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Keeping the Faith

Faith No More
Keep Feeling Fascination: Even after several lineup changes and some distracting side projects, the Bay Area's Faith No More remains an idiosyncratic model of how to make heavy metal meaningful to a wide audience.

It may not really be the 'Album of the Year,' but Faith No More's latest release is eclectic without being trendy

By Gina Arnold

WHEN PEOPLE out in the real world think of the San Francisco Bay Area rock scene, they of course associate us with psychedelic hippie music: the Grateful Dead, the Jefferson Airplane, Santana and the like. In fact, since the '60s ended, the Bay Area has been much more successful at producing idiosyncratic hard-rock bands, the kind that produce a certain type of highly musical, commercially successful and, most importantly, nonembarrassing metal.

Metallica, Primus and Faith No More--all Bay Area locals--are the progenitors of this unusual brand of rock. Of those three, Faith No More is the oldest, staidest, humblest and, in many ways, most seminal--a band that has quietly gone about its business for nearly 15 years with little fuss or muss and nary a rock & roll scandal.

Faith No More is still, however, a little bit of a puzzle. Having almost cycled through its lineup entirely, the group is not quite the hard-rock/metal outfit its two huge hits--"Epic" and "We Care a Lot"--implied, thanks mostly to the trademark sound of Roddy Bottum's synthesizy keyboards. Neither is it the punk-jazz band that singer Mike Patton envisions.

So what is Faith No More? Judging by its new LP, Album of the Year (Slash), it is one of the few truly eclectic rock bands on the planet--and that means eclectic without being trendy. Faith No More runs the gamut from screaming blue metal to soft, EZ-listening rock & roll with ease, but why it wants to is anybody's guess.

This year, however, it's a joy to listen to any innovative record that doesn't invoke dub, techno or tape loops and then calls itself electronica (a la U2, Bowie, Yo La Tengo and even Rickie Lee Jones). It's a point in its favor that Album of the Year doesn't attempt to jump onto that overloaded bandwagon.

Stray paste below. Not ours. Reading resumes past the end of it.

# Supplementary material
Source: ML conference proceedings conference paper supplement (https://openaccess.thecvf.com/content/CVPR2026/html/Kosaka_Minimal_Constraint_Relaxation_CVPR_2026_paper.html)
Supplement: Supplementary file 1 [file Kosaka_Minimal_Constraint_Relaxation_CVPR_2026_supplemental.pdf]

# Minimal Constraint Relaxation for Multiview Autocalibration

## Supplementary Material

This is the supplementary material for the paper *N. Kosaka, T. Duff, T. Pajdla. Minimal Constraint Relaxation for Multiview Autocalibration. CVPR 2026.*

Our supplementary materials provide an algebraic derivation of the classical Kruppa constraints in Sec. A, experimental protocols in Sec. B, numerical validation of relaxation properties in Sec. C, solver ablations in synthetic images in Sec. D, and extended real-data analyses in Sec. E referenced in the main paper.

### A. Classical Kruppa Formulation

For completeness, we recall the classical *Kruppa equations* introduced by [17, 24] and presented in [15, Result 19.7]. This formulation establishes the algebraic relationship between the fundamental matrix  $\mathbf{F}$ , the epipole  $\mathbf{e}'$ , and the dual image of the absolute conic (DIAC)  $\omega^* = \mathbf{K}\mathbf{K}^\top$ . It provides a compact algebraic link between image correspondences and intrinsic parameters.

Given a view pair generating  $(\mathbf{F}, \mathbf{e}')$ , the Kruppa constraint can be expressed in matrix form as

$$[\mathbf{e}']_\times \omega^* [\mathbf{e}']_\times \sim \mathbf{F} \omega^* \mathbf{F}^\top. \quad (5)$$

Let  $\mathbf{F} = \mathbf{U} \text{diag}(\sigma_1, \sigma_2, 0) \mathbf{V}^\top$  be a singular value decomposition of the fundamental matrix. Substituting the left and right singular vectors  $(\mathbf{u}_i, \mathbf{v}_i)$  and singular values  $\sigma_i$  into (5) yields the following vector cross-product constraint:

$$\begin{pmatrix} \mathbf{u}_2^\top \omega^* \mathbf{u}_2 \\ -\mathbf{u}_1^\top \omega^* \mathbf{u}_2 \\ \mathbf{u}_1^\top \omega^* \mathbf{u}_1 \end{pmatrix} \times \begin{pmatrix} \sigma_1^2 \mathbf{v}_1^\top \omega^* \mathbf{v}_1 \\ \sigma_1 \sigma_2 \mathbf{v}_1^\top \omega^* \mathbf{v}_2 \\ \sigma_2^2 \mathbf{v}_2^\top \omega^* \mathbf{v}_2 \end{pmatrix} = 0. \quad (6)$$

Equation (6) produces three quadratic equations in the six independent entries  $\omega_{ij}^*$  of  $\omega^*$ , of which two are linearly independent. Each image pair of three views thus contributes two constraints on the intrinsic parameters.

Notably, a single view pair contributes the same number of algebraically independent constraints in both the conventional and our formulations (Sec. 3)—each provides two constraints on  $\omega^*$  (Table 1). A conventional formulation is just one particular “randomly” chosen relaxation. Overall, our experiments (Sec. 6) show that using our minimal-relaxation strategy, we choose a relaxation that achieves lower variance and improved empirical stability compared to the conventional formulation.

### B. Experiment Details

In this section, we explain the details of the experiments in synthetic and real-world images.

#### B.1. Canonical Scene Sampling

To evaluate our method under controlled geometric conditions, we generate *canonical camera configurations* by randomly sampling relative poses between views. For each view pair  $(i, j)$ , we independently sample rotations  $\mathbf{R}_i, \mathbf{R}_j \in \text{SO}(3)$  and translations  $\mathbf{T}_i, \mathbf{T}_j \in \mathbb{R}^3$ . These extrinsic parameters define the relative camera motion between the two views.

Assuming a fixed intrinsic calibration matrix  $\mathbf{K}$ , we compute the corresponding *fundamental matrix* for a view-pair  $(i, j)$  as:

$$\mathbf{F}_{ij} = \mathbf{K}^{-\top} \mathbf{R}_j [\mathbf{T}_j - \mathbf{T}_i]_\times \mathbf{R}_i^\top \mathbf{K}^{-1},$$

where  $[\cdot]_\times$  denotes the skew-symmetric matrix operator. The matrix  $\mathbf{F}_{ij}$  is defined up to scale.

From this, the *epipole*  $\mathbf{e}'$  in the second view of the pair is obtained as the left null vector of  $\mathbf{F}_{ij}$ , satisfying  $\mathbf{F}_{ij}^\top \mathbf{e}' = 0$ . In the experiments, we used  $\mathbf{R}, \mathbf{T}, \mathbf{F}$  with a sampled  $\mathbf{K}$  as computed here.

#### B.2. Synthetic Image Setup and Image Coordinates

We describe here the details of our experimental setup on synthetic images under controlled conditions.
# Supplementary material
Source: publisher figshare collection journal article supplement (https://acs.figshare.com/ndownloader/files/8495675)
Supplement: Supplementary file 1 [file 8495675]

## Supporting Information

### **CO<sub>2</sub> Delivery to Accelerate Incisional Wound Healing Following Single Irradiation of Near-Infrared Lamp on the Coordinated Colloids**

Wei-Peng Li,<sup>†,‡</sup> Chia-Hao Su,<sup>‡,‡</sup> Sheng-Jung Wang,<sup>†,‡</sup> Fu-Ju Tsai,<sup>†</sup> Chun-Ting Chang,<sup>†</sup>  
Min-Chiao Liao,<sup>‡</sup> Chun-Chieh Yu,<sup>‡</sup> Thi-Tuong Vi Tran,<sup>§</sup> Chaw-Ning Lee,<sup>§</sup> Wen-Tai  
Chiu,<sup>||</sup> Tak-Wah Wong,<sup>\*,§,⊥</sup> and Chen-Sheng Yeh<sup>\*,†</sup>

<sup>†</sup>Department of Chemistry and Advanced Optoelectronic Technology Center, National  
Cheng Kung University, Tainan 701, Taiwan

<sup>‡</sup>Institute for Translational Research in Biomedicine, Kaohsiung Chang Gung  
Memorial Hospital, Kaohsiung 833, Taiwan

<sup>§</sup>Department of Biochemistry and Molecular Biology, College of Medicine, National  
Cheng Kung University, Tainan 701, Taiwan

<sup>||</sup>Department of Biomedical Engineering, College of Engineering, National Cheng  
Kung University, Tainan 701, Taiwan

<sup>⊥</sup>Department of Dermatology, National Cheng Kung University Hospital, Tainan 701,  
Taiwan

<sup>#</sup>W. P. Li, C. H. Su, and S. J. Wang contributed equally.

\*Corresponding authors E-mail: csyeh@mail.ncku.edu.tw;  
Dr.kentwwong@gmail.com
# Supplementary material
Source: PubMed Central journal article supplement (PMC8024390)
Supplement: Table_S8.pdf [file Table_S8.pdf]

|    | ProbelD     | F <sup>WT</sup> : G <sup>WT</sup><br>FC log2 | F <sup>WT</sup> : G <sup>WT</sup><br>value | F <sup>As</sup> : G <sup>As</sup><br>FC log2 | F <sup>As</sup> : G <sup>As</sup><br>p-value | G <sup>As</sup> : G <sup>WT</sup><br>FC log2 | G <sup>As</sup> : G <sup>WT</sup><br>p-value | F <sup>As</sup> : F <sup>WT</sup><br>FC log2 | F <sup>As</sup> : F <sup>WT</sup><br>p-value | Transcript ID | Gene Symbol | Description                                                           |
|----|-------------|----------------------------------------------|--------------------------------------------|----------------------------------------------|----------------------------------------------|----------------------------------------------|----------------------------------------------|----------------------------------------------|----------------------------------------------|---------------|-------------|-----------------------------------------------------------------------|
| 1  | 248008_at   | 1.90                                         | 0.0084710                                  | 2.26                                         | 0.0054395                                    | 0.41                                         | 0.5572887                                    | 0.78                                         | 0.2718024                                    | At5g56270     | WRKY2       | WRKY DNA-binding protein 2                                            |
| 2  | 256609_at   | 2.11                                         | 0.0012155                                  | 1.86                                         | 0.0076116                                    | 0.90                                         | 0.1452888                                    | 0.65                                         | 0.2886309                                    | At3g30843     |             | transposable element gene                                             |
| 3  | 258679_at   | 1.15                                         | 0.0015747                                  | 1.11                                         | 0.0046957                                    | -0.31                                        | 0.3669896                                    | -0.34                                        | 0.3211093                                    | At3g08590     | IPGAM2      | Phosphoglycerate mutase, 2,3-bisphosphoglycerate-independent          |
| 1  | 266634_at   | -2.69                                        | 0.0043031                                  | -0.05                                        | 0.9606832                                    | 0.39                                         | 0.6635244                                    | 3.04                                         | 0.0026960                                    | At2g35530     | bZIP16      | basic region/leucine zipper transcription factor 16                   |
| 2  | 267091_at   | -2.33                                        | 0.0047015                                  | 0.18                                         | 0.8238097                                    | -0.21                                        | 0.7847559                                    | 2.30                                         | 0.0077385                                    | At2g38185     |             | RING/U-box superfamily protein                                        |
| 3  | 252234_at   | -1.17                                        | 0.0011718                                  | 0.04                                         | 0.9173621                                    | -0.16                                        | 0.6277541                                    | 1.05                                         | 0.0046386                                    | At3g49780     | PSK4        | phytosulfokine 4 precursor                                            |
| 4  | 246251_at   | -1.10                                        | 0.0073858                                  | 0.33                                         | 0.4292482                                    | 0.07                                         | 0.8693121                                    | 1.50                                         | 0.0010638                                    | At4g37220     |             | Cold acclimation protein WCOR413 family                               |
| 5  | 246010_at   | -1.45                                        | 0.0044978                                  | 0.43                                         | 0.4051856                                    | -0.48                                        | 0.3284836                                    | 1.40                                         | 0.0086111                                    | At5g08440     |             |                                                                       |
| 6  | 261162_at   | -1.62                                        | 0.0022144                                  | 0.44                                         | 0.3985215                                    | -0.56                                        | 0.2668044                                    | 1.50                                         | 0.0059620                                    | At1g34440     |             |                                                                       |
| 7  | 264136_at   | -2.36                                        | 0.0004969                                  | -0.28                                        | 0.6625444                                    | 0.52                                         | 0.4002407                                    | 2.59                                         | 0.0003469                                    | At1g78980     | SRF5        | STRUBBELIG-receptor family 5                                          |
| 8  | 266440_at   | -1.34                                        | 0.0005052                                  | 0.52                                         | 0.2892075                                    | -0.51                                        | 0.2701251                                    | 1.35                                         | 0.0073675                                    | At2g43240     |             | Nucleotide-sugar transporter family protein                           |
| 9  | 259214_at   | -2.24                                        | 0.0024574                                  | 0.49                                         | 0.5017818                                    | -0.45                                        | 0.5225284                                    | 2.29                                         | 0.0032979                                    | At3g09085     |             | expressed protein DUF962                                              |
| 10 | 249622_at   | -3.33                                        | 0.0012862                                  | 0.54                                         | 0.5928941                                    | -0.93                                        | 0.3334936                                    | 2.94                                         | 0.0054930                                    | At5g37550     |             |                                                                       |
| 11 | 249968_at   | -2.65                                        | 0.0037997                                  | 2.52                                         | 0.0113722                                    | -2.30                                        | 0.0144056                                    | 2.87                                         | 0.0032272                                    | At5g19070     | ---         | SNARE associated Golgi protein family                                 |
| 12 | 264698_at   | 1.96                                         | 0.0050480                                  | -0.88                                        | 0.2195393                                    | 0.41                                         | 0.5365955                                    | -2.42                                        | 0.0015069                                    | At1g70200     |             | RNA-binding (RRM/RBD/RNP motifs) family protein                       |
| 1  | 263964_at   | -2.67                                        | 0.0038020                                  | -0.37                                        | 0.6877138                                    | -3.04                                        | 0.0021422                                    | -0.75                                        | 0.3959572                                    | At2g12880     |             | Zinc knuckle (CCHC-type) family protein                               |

Instead, the album runs through Faith No More's patented bag of tricks, including a couple of choppy, funky numbers with rapped-out lyrics--"Collision" and "Paths of Glory"--as well as a couple of Patton-penned R&B numbers that he sings in the style of one of his favorites, the Commodores. (The band covered "Easy Like Sunday Morning" on a 1993 EP.)

"She Loves Me Not" is the standout track, a seemingly sincere love song delivered in Patton's strong, loud, tuneful bass. Patton is one of the better metal singers around, combining as he does the scary theatrics of Hetfield and Danzig with, of all things, the more tune-oriented song-stylings of Lionel Richie.

Album of the Year also contains the requisite number with a nasal-sounding Eastern guitar line ("Mouth to Mouth"), lots of ooky-spooky keyboard runs in the style of "Epic" and several thrash songs, like "Naked in Front of the Computer" and "Got That Feeling." Nothing too innovative--but nothing too boring either, and all quite competently accomplished.


The record company's official page.

An almost absurdly obsessive fan page.

Extensive Faith No More and Mr. Bungle links.


IN THE PAST, Faith No More has been a highly influential band, preceding Rage Against the Machine and the Chili Peppers with a rhythmically exciting cross-pollination of funk and thrash. Even more than Metallica, Faith No More originated the kind of metal that you could actually admit to listening to.

Since then, however, Faith No More has been through a new singer (the band's first vocalist, Chuck Mosely, is usually referred to as "Chuck No More") and several new guitarists, and its funk-thrash sound has become a tiny bit old hat. (Incidentally, the guitar chores on Album of the Year are handled by John Hudson, the group's third guitarist since founder Jim Martin left in 1995.)

These days, other, younger, bands do what Faith No More does with slightly more energy. Indeed, Patton and Bottum currently front other bands they seem to have more interest in; so Faith No More feels more like a side project whose driving force is clearly bassist Billy Gould. (Patton's in the far punkier Mr. Bungle and likes to sing with jazz singers as well, while Bottum started the highly acclaimed indie-rock new-wave band Imperial Teen.)

For all the distractions, Album of the Year is actually mature, motivated and competent--if not exactly hit-bound. Besides, respect is due to Faith No More for exhibiting modesty, anonymity, longevity and chops--all extremely rare virtues in the annals of hard rock.

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From the June 19-25, 1997 issue of Metro.

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